Doctor of Philosophy (PhD)
Physics and Astronomy
The technologies utilizing quantum states of light have been in the spotlight for the last two decades. In this regard, quantum metrology, quantum imaging, quantum-optical communication are some of the important applications that exploit fascinating quantum properties like quantum superposition, quantum correlations, and nonclassical photon statistics. However, the state-of-art technologies operating at the single-photon level are not robust enough to truly realize a reliable quantum-photonic technology.
In Chapter 1, I present a historical account of photon-based technologies. Furthermore, I discuss recent efforts and encouraging developments in the field of quantum-photonic technologies, and major challenges for the experimental realization of reliable quantum technologies utilizing photons, setting up a stage for unveiling our smart methodologies to cope with them. Similarly, in Chapter 2, I review the fundamental concepts such as states of light, spatial modes of light, and machine learning.
In Chapter 3 of this dissertation, I present a theoretical work on a nonlinear quantum metrology scheme, showing a sub-shot-noise limited phase estimation using the displaced-squeezed light and on/off detection. Furthermore, I discuss a camera-based squeezed-light detection technique that can be a smart and time-efficient alternative to conventional balanced-homodyne detection.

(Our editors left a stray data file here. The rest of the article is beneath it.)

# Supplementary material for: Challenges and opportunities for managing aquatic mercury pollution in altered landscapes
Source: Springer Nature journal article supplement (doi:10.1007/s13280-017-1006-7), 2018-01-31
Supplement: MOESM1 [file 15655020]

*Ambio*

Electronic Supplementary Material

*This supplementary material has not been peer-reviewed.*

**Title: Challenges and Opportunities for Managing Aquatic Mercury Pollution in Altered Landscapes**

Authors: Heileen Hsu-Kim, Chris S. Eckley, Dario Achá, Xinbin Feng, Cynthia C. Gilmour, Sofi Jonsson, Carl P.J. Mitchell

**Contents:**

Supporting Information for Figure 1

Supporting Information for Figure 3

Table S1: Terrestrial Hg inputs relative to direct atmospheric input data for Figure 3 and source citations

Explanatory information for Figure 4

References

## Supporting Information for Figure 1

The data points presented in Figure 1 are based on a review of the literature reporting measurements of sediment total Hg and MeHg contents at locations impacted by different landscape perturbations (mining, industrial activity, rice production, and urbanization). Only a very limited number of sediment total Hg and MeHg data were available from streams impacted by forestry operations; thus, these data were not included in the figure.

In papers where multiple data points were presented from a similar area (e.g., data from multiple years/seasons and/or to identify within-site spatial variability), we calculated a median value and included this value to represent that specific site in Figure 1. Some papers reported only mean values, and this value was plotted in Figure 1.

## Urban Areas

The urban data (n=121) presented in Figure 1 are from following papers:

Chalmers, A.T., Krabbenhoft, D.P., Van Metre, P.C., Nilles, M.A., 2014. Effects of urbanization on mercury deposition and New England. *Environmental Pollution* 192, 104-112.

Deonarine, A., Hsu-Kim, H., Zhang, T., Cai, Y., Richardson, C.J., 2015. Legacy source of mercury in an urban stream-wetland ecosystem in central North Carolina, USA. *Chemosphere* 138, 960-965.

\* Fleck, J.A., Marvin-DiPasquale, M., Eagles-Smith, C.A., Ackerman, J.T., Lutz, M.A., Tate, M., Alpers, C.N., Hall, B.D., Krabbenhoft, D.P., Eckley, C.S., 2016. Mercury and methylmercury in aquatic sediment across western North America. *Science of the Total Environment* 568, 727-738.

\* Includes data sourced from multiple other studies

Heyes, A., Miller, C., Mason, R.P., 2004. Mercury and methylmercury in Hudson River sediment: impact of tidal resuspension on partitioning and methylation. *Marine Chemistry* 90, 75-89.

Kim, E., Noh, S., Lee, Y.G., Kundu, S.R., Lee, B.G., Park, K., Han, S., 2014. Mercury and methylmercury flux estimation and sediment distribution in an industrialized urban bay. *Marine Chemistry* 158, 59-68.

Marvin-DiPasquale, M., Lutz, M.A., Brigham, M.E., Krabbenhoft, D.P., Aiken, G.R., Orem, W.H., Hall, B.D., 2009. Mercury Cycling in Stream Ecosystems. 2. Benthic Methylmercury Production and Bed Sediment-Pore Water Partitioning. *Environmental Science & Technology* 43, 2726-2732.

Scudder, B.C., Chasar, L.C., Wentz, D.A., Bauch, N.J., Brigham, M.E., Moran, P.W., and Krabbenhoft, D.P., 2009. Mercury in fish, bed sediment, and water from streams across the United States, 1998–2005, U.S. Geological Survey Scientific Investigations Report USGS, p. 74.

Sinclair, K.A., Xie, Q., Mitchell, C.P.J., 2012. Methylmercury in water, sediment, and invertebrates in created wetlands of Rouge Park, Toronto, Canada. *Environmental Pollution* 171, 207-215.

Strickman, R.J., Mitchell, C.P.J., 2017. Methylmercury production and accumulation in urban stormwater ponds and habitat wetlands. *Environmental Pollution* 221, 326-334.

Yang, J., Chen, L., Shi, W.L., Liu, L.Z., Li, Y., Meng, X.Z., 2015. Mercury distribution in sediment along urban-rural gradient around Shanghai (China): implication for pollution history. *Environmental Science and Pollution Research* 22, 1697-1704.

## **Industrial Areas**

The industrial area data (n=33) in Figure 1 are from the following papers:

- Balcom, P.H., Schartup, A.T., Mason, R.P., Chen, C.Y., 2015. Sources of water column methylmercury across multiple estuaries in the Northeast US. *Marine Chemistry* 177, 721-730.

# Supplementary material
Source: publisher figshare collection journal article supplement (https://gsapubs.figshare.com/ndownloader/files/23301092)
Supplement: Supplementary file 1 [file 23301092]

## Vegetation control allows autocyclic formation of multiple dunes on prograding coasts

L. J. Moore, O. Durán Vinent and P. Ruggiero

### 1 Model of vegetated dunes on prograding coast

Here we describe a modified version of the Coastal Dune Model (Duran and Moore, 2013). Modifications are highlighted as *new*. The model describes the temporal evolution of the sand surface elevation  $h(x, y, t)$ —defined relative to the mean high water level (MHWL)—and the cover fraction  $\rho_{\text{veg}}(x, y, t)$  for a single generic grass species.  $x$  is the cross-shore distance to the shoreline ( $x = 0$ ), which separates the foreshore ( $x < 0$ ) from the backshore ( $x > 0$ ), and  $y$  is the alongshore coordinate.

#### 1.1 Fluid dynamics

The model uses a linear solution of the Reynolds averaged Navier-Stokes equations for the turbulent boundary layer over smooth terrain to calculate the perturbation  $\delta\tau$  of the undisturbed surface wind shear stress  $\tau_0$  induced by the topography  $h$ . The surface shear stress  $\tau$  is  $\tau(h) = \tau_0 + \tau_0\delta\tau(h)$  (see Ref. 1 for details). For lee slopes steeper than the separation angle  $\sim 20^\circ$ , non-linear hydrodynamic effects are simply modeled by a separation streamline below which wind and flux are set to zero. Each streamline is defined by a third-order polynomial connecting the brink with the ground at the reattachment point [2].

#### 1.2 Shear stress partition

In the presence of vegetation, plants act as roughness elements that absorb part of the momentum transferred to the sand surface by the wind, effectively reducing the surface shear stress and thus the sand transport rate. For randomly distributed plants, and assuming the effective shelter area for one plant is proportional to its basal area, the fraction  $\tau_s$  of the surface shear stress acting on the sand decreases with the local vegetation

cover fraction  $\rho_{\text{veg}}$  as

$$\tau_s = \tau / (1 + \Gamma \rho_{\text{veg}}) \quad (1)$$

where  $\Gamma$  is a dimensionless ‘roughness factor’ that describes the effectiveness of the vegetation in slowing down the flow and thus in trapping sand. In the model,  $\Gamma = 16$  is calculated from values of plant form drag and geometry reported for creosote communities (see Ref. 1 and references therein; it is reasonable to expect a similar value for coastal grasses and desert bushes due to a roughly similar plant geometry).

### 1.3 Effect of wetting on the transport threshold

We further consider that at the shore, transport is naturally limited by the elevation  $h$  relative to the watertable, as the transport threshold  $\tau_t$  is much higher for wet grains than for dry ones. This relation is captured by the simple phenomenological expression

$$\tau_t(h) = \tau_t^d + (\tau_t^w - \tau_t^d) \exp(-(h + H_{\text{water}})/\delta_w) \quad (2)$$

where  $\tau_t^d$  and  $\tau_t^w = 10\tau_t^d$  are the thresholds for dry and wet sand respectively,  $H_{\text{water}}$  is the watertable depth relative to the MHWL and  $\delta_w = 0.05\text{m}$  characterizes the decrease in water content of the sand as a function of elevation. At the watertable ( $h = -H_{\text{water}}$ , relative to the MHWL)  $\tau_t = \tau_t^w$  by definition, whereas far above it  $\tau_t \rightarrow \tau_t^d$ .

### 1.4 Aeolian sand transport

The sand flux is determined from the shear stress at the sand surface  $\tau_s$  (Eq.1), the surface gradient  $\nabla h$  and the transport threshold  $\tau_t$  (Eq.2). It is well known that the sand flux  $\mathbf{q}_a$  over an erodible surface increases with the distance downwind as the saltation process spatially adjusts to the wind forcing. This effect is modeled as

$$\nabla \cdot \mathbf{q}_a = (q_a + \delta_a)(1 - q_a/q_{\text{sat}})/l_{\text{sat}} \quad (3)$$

In Chapter 4, I discuss our efforts to incorporate artificial intelligence in a quest to improve the efficiency of discriminating thermal light sources from coherent light sources. The conventional identification technique requires a large number of measurements. We utilize artificial neural networks to dramatically reduce the number of measurements required to distinguish thermal light and coherent light.
In Chapter 5, I present a communication protocol that utilizes the spatial modes of light. Despite being valuable resources for a wide variety of quantum technologies, spatial modes of light are extremely vulnerable to random phase fluctuations. The conventional techniques to cope with these challenges are relatively inefficient. We utilize convolutional neural networks to perform the spatial mode correction of single photons, resulting in a near-unity fidelity of correction.
I wrap up my dissertation in Chapter 6 by summarizing the historical context of quantum technologies, challenging problems facing state-of-art quantum technologies, and the importance of our efforts to introduce artificial intelligence in photonic technologies.
Bhusal, Narayan, "Smart Quantum Technologies using Photons" (2021). LSU Doctoral Dissertations. 5468.
Available for download on Saturday, March 02, 2024